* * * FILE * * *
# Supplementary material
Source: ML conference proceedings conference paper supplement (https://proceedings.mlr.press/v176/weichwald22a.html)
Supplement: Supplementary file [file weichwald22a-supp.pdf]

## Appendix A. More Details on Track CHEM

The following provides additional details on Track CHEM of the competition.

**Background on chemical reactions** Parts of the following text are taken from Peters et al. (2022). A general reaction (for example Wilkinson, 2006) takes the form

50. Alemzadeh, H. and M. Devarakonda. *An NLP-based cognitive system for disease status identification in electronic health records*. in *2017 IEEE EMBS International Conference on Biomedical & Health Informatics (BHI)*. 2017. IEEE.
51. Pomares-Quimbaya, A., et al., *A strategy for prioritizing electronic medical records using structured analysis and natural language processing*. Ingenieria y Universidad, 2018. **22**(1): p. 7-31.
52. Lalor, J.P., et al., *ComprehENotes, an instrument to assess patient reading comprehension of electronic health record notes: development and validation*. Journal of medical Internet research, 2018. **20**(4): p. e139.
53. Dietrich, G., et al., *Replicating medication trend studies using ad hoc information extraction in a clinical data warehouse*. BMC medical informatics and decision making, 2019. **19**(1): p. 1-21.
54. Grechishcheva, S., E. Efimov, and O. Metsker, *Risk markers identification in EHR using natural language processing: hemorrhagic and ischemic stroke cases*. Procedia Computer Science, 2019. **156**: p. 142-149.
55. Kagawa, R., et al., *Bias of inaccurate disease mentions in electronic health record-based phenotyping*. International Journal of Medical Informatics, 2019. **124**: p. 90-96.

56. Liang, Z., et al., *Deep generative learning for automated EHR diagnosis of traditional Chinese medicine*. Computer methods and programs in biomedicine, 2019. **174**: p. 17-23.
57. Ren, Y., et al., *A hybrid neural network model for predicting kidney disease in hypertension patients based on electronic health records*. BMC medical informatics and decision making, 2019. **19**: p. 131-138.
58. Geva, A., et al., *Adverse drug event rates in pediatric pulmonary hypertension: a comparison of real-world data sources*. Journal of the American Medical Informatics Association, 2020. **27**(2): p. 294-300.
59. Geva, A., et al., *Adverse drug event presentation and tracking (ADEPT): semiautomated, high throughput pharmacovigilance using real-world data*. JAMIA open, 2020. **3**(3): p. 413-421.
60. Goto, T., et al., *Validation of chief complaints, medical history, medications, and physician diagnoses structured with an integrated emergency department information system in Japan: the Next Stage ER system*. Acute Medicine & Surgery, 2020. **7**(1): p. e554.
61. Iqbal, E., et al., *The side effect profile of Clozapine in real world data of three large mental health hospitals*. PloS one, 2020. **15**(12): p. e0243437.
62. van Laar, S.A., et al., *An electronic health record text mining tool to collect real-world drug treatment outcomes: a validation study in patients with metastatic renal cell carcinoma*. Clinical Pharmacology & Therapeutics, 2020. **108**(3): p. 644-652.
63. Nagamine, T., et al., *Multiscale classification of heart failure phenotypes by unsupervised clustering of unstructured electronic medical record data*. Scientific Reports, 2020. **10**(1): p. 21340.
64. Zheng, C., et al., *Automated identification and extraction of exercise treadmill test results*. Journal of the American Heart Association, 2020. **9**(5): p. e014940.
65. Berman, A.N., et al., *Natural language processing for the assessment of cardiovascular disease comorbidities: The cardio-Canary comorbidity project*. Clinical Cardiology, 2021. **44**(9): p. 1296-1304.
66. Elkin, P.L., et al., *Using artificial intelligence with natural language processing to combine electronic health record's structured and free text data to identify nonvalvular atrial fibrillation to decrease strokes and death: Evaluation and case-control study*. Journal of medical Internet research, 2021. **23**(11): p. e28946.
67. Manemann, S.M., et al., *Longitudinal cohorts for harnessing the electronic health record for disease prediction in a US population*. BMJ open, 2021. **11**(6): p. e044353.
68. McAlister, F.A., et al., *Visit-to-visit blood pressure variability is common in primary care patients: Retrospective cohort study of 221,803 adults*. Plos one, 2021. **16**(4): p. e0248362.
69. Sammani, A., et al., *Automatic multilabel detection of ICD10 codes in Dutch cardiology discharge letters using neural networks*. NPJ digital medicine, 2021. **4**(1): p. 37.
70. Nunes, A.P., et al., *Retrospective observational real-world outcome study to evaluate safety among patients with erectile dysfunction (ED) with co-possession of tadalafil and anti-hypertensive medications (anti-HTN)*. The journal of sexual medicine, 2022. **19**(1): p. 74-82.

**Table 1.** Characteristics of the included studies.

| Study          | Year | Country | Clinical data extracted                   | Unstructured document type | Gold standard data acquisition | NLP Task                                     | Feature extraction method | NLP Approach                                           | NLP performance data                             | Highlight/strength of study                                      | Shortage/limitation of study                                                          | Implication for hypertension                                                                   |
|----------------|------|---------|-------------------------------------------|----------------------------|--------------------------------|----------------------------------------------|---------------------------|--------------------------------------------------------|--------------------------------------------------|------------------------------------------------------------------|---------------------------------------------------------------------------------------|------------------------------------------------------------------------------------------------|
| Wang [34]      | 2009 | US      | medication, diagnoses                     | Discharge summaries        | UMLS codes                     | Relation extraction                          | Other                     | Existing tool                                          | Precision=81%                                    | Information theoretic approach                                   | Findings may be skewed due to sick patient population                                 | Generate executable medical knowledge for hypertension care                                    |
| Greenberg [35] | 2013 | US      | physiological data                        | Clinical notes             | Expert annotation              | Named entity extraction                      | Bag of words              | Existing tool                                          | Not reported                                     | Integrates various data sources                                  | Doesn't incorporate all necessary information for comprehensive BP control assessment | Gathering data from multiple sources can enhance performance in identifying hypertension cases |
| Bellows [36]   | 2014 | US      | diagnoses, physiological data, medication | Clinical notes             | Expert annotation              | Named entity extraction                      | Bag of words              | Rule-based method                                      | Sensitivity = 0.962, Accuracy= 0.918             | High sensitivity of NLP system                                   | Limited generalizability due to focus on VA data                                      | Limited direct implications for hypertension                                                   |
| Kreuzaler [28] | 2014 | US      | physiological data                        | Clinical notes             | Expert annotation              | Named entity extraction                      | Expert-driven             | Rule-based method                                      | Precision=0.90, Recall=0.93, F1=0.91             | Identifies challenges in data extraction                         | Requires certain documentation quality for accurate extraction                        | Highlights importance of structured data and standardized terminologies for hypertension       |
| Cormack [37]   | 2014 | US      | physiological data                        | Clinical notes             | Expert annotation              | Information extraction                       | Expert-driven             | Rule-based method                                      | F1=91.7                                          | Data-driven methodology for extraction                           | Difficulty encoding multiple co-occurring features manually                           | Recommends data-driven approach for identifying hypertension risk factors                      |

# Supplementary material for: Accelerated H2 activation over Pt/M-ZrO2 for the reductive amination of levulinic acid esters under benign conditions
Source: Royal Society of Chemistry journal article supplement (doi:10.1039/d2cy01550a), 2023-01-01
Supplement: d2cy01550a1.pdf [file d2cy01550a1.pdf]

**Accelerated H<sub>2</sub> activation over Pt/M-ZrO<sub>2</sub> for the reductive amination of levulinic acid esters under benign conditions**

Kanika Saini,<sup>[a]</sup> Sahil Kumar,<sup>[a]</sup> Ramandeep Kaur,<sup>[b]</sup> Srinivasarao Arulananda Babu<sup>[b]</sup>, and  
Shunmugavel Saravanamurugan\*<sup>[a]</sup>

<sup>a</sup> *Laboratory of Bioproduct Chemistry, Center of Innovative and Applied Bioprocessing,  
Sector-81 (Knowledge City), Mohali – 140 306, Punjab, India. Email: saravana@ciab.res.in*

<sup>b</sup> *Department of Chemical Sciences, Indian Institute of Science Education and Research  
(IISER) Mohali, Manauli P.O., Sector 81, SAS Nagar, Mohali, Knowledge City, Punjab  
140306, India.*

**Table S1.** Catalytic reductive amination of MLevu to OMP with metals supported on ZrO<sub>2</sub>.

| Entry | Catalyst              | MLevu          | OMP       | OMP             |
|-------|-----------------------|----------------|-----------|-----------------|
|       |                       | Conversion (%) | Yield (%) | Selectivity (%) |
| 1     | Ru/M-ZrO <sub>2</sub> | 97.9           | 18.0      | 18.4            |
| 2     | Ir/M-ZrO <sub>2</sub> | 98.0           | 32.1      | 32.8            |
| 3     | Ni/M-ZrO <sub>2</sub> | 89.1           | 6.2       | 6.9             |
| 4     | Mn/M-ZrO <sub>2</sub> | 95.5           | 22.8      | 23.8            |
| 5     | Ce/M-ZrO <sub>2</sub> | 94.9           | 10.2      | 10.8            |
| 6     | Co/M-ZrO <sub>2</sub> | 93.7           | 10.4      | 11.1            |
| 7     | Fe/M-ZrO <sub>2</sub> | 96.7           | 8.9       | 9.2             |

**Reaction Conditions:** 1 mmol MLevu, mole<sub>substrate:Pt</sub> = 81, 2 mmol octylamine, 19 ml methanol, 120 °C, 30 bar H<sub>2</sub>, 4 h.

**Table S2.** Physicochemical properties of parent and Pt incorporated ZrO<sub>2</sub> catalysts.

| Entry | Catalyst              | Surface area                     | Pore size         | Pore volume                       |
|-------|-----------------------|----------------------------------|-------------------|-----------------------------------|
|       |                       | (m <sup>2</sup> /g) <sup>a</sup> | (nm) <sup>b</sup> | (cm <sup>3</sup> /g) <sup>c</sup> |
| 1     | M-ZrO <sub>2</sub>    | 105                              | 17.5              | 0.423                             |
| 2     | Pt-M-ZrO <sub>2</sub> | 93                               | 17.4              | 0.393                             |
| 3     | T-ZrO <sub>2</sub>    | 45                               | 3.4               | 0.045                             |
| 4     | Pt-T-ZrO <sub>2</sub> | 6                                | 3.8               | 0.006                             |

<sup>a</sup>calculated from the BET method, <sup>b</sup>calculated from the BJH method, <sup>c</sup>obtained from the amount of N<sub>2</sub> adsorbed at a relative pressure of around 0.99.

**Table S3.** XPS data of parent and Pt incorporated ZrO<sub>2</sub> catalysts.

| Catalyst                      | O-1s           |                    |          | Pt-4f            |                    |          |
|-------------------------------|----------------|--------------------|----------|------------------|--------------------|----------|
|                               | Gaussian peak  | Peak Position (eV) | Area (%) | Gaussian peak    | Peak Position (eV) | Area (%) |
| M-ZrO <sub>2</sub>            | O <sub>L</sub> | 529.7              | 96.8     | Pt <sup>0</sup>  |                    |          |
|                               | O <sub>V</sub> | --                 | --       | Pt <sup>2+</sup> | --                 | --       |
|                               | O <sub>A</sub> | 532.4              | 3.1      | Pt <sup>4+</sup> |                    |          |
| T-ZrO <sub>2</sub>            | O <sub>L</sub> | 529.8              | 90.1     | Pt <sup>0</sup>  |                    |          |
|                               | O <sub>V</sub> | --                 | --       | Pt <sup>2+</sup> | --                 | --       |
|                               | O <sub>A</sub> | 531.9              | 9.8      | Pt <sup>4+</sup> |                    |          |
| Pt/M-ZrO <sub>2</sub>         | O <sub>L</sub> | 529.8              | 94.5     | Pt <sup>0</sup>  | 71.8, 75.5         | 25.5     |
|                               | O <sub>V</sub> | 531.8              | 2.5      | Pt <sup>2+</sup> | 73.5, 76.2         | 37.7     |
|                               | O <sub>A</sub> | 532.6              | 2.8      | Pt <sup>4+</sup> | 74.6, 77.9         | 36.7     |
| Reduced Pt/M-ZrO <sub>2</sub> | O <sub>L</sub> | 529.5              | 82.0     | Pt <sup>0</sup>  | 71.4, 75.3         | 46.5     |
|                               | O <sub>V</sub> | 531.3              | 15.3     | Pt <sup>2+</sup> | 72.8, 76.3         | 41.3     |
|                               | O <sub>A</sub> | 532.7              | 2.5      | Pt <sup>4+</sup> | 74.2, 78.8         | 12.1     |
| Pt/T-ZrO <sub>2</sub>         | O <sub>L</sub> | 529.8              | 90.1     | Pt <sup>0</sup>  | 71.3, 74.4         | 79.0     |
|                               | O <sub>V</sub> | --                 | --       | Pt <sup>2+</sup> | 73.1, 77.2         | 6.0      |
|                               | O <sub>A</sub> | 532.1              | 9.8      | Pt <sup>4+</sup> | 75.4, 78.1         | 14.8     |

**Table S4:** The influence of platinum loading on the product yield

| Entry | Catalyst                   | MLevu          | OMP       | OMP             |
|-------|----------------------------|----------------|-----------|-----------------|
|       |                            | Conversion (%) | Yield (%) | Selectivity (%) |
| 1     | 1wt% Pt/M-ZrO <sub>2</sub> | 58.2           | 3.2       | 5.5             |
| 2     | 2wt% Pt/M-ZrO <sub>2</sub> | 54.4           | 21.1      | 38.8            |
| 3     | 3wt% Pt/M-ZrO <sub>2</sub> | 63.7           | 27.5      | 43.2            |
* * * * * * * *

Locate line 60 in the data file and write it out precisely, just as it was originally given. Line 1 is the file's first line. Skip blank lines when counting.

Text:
| Entry | Catalyst              | Surface area                     | Pore size         | Pore volume                       |